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Green Hills of Africa

Green Hills of Africa - Ernest Hemingway description
The subject of the pursuit is the elusive kudu, an animal you must hunt alone, like writers must write alone...

In Hemingway’s experimental work, the Green Hills of Africa, he produces possibly one of the earliest works of creative nonfiction, reveals how the search for good land parallels a writer’s search for good material, and most of all, reveals himself—warts and all.

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“Fitting in,” being recognized as an aficionado, or knowing how to be an insider (rather than a tourist) surfaces as a dominant theme in Hemingway’s fiction and non-fiction. Hemingway prides himself on knowing how to handle his liquor, how to appreciate bullfighting, how to fish and hunt, and, most importantly, how to become accepted in any country he visits. Hemingway’s self-image, however, may be at odds with reality. In Africa, for example, the paid trackers that accompany Hemingway on his safari may or may not respect him. Further, whether Hemingway achieves insider status is moot since his view of Africa remains hopelessly distorted due to his position of privilege and his cultural baggage. In The Green Hills of Africa, Hemingway’s project to write an “absolutely true book” tends to deconstruct. Often, Hemingway achieves truth in ways he may not have intended and fails to achieve truth in ways he may not have foreseen.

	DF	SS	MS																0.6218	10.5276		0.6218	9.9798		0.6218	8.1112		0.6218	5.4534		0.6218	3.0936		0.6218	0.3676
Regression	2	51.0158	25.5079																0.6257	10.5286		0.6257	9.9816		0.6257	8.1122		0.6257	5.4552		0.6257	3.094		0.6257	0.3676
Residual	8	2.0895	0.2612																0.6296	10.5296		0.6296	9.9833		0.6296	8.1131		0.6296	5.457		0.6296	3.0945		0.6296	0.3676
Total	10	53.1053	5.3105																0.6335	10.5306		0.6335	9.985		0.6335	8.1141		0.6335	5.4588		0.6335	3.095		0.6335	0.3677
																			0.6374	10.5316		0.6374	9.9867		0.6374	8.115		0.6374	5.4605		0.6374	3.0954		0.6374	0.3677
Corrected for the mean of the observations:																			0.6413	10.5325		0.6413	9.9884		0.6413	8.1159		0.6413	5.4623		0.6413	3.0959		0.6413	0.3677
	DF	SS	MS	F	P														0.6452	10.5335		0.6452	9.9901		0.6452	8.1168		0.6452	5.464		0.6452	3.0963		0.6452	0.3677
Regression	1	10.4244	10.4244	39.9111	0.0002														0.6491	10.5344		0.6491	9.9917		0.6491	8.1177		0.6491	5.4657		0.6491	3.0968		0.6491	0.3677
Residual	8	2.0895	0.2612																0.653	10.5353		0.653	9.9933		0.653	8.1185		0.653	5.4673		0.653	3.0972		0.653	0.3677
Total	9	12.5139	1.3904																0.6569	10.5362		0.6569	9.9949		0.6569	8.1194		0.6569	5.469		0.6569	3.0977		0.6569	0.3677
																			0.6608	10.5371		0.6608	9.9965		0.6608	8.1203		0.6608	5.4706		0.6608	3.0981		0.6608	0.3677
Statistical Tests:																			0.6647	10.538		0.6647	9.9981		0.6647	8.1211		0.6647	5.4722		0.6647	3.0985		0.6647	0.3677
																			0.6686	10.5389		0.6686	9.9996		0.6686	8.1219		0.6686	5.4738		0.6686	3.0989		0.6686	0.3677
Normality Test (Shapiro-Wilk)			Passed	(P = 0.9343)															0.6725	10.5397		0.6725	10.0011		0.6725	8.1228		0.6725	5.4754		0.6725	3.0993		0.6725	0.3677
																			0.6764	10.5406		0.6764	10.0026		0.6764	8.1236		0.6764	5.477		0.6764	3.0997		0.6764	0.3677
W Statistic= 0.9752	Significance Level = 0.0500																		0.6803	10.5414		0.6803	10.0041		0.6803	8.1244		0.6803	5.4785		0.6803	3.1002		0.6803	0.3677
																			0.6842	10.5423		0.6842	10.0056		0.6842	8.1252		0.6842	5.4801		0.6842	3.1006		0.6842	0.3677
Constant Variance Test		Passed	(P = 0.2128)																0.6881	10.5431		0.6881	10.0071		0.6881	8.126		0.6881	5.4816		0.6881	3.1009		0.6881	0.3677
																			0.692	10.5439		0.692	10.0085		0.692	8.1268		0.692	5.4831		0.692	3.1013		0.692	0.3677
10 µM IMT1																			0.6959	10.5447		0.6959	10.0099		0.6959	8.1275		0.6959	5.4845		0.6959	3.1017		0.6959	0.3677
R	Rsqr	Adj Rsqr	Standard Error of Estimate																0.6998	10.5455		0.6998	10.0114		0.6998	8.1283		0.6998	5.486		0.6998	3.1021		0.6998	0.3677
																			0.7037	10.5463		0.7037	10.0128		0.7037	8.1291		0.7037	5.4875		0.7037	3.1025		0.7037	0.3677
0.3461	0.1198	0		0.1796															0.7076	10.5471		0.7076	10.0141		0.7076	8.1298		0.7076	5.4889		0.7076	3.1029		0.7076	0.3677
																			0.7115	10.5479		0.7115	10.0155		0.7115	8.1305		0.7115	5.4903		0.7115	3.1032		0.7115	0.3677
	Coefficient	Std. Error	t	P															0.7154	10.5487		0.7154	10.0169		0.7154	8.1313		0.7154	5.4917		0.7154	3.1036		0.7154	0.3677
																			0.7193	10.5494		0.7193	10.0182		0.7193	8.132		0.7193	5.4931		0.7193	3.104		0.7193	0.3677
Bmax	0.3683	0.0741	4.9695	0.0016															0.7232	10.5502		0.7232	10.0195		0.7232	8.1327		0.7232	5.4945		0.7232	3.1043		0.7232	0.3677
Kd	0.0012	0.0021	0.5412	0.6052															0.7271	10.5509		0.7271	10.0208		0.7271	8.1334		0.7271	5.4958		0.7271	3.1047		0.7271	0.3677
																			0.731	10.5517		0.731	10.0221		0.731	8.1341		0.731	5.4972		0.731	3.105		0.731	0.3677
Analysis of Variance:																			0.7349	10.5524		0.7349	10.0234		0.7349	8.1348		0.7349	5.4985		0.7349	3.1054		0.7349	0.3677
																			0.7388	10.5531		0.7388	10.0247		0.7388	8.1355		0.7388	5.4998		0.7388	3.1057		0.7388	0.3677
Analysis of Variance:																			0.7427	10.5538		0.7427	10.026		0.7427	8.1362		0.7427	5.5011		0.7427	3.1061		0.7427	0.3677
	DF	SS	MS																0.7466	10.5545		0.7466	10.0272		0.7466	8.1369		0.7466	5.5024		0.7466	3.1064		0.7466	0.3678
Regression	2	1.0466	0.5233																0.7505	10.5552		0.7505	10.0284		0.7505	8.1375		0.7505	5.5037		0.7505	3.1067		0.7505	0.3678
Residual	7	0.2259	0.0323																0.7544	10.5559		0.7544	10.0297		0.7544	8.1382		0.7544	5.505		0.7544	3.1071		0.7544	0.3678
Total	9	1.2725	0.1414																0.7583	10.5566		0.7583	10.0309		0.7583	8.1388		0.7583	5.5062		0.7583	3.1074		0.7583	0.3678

Throughout his book, Hemingway uses Africa: as a hunting resource, as an extended metaphor, and as material for his next book. Despite Hemingway’s goal to present an “absolutely true book,” his rearrangement of events and extensive use of metaphor lend a fictional resonance to his purported non-fiction. The landscape, or “shape of a country,” operates on several levels in Green Hills. During Hemingway and Kandisky’s literary discussion, a metaphor is set up that extends throughout the book. Hemingway makes an implicit comparison between hunting and writing. The writer’s material becomes the landscape while his subject is the quest or “pursuit” itself. In Green Hills the subject of the pursuit is the elusive kudu, an animal you must hunt alone, like writers must write alone or else—contaminated by their contact with other writers—they all will become “angleworms in a bottle, trying to derive knowledge and nourishment from their own contact and from the bottle” (21).

In addition to the criteria Hemingway cites to become a great writer, namely talent, discipline, sincerity, intelligence, detachment, and time (27), it becomes apparent that the writer’s material, metaphorically the landscape, is also essential for success. Writers who do not experience life honestly and empirically will not have the material to be great but will instead present their “knowledge . . . wrapped in the rhetoric like plums in a pudding” (20), or write second-hand, dead prose. Kandisky, a watcher, exemplifies the sort of sterile, second-hand lifestyle Hemingway views as unproductive. Commenting on their conversation, Kandisky remarks, “This is what I enjoy. This is the best part of life. The life of the mind. This is not killing kudu” (19). What Kandisky omits in his version of the good life is the process of pursuit.